Chef Jonathan Krinn advises starting with a very fresh piece of young lamb with no green spots and nothing that has a strong smell. A bone-in leg of lamb tastes best, but first-timers may want to use a simpler, boneless leg. Be sure to let the lamb rest after roasting so the juices settle. Finally, when slicing, be sure to carve across the grain to ensure that you won't get chewy meat.
Servings: 4 - 5
- 1/2 medium onion, roughly cut into 1-inch chunks
- 1 medium carrot, roughly cut into 1-inch chunks
- 1 head garlic, white papery skin left on, roughly chopped
- 4 tablespoons vegetable oil
- 2 pounds leg of lamb (boneless; a thin layer of fat is good for flavor)
- 1/2 teaspoon salt
- Freshly ground black pepper
- 1/2 cup cabernet wine
- 1/2 tablespoon extra-virgin olive oil
- 1/2 teaspoon chopped tarragon
Preheat oven to 450 degrees. In a large heavy-bottom roasting pan with handles, toss the vegetables and garlic with 2 tablespoons oil. Coat the lamb with the other 2 tablespoons oil, season it with the salt and with pepper to taste, and place it on top of the vegetables in the pan.
Place the roasting pan on a rack in the center of the oven. Roast for 45 minutes or until the juices are light red when a thin-bladed knife is inserted in the thickest part of the leg. The thickest part of the lamb should have an internal temperature of 140 degrees. Remove the lamb and place it on a platter. Let the lamb rest at room temperature for 15 minutes.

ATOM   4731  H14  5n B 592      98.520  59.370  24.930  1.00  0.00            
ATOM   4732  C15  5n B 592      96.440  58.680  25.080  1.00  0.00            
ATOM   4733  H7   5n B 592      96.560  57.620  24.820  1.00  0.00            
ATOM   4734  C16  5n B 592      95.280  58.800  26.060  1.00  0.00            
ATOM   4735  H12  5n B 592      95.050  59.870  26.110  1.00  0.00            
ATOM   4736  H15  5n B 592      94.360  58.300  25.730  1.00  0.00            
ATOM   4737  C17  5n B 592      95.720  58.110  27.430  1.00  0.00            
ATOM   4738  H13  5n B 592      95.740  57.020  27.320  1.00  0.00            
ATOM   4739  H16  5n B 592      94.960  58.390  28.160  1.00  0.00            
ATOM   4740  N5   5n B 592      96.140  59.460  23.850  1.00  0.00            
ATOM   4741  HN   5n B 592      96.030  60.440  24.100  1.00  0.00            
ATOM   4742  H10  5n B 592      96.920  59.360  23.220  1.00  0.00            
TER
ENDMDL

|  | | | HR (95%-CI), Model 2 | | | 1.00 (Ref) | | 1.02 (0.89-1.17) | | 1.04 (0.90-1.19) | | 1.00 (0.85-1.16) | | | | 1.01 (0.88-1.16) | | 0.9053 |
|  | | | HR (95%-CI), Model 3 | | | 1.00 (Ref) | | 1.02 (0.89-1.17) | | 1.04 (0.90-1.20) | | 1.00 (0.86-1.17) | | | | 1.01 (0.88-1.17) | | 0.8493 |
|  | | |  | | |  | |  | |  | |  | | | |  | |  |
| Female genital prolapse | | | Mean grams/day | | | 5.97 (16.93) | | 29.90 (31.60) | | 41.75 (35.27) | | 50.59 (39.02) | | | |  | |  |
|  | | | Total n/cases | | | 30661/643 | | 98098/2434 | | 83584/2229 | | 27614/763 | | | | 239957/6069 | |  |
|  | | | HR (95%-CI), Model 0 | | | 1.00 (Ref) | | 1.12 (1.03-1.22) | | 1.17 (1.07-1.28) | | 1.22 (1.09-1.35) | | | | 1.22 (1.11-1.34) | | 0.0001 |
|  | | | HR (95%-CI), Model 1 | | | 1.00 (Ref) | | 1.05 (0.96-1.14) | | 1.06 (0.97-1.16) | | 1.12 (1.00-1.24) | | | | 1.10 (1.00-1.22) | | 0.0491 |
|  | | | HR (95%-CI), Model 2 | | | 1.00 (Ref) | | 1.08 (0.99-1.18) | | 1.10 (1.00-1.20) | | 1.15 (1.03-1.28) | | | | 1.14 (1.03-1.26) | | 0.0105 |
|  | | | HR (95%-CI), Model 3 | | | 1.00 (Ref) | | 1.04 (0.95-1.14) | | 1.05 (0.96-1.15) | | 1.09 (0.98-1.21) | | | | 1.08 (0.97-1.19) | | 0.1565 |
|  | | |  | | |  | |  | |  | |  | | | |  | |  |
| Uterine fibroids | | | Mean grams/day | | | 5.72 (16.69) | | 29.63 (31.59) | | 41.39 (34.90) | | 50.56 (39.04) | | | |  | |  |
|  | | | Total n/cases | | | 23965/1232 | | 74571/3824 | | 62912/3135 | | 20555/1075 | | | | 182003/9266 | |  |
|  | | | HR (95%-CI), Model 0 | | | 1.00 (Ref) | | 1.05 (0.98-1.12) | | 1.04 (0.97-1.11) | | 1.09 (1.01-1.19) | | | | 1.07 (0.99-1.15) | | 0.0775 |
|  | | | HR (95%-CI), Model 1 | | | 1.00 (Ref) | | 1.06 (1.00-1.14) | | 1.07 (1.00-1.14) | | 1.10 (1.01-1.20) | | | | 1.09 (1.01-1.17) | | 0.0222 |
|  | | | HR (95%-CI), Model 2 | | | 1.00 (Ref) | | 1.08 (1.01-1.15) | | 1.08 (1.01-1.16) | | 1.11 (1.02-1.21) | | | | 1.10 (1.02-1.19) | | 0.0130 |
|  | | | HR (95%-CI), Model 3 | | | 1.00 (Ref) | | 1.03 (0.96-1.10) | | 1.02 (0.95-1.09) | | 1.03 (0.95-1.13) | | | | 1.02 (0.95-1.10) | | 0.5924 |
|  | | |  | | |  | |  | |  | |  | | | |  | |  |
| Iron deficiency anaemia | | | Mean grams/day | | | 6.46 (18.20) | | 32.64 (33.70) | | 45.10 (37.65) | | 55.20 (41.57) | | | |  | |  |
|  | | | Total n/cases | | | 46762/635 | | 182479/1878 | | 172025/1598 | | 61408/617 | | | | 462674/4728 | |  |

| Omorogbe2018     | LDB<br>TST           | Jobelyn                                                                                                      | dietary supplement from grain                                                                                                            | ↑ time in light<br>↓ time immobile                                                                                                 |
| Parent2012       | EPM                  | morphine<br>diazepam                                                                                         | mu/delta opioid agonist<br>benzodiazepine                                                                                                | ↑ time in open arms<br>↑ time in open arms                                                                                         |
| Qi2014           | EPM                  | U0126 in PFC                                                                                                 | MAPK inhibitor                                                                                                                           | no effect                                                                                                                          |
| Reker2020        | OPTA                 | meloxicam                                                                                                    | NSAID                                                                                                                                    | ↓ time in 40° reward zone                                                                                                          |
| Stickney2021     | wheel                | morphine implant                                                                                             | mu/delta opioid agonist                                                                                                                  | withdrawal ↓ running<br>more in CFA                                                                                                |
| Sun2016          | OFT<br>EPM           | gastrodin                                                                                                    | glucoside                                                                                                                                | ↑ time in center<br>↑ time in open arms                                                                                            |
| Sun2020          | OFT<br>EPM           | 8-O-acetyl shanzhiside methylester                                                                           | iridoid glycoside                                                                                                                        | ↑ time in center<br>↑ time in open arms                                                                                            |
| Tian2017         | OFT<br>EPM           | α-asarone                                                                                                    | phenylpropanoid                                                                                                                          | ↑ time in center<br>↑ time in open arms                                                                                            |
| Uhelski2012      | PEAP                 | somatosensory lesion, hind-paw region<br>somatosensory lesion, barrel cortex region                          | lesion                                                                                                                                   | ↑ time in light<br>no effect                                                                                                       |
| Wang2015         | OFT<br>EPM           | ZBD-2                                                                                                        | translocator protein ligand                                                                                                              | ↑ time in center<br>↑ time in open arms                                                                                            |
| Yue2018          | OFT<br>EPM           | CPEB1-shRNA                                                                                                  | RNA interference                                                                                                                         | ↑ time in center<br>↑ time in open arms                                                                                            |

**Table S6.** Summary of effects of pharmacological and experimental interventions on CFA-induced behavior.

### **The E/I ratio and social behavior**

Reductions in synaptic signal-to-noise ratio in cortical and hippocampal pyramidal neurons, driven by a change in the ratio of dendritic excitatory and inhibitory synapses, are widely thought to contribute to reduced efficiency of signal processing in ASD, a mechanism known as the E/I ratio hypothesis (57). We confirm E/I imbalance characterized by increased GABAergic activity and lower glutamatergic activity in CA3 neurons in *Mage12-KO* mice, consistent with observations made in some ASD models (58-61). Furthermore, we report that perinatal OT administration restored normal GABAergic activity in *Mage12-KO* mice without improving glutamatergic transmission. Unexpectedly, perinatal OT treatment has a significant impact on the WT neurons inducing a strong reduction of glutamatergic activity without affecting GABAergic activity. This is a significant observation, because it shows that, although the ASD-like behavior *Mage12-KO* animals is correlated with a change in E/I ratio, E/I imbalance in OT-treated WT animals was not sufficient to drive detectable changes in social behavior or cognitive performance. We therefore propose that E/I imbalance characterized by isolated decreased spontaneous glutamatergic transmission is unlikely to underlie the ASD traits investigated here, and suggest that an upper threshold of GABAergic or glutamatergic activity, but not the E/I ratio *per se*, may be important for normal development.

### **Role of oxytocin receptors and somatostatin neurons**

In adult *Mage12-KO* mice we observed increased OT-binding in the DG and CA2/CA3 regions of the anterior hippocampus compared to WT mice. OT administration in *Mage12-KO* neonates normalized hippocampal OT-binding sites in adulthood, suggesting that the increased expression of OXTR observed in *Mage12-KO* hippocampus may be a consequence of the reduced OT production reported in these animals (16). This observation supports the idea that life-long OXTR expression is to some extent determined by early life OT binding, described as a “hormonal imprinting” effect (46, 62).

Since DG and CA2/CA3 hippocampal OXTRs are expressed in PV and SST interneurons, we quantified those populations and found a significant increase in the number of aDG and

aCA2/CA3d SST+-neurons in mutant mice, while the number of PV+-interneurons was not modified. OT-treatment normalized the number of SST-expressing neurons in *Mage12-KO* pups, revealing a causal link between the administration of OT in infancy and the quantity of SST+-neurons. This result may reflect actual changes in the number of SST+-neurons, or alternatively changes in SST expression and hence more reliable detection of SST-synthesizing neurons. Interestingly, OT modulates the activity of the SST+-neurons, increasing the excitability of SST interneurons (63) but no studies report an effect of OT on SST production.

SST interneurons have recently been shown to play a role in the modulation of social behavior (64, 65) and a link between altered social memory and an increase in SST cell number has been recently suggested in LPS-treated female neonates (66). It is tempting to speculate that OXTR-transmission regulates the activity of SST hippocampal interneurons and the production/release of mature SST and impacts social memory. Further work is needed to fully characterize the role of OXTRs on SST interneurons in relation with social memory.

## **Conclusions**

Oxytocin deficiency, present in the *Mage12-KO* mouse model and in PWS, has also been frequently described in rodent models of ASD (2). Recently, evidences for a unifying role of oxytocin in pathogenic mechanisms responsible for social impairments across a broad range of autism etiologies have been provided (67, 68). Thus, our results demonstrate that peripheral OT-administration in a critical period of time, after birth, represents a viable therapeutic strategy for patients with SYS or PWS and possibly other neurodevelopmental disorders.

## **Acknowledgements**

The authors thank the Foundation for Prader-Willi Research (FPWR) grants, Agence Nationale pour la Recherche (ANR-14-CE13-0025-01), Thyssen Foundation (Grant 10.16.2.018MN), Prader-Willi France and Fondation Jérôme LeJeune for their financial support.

Add the wine to the pan and continue to roast in the oven for 10 more minutes. Remove the pan and carefully strain the juices into a medium saucepan, pressing the vegetables with the back of a ladle to squeeze all the juices out. Discard the vegetables. If there are juices on the lamb plate, add them to the saucepan.
Heat the sauce, olive oil and tarragon on medium heat. To intensify the flavor, cook until reduced by a third.
Slice the meat and pour sauce over each serving.
Adapted from Chef Jonathan Krinn of 2941 Restaurant.
Tested by Elizabeth C. Gonzalez.
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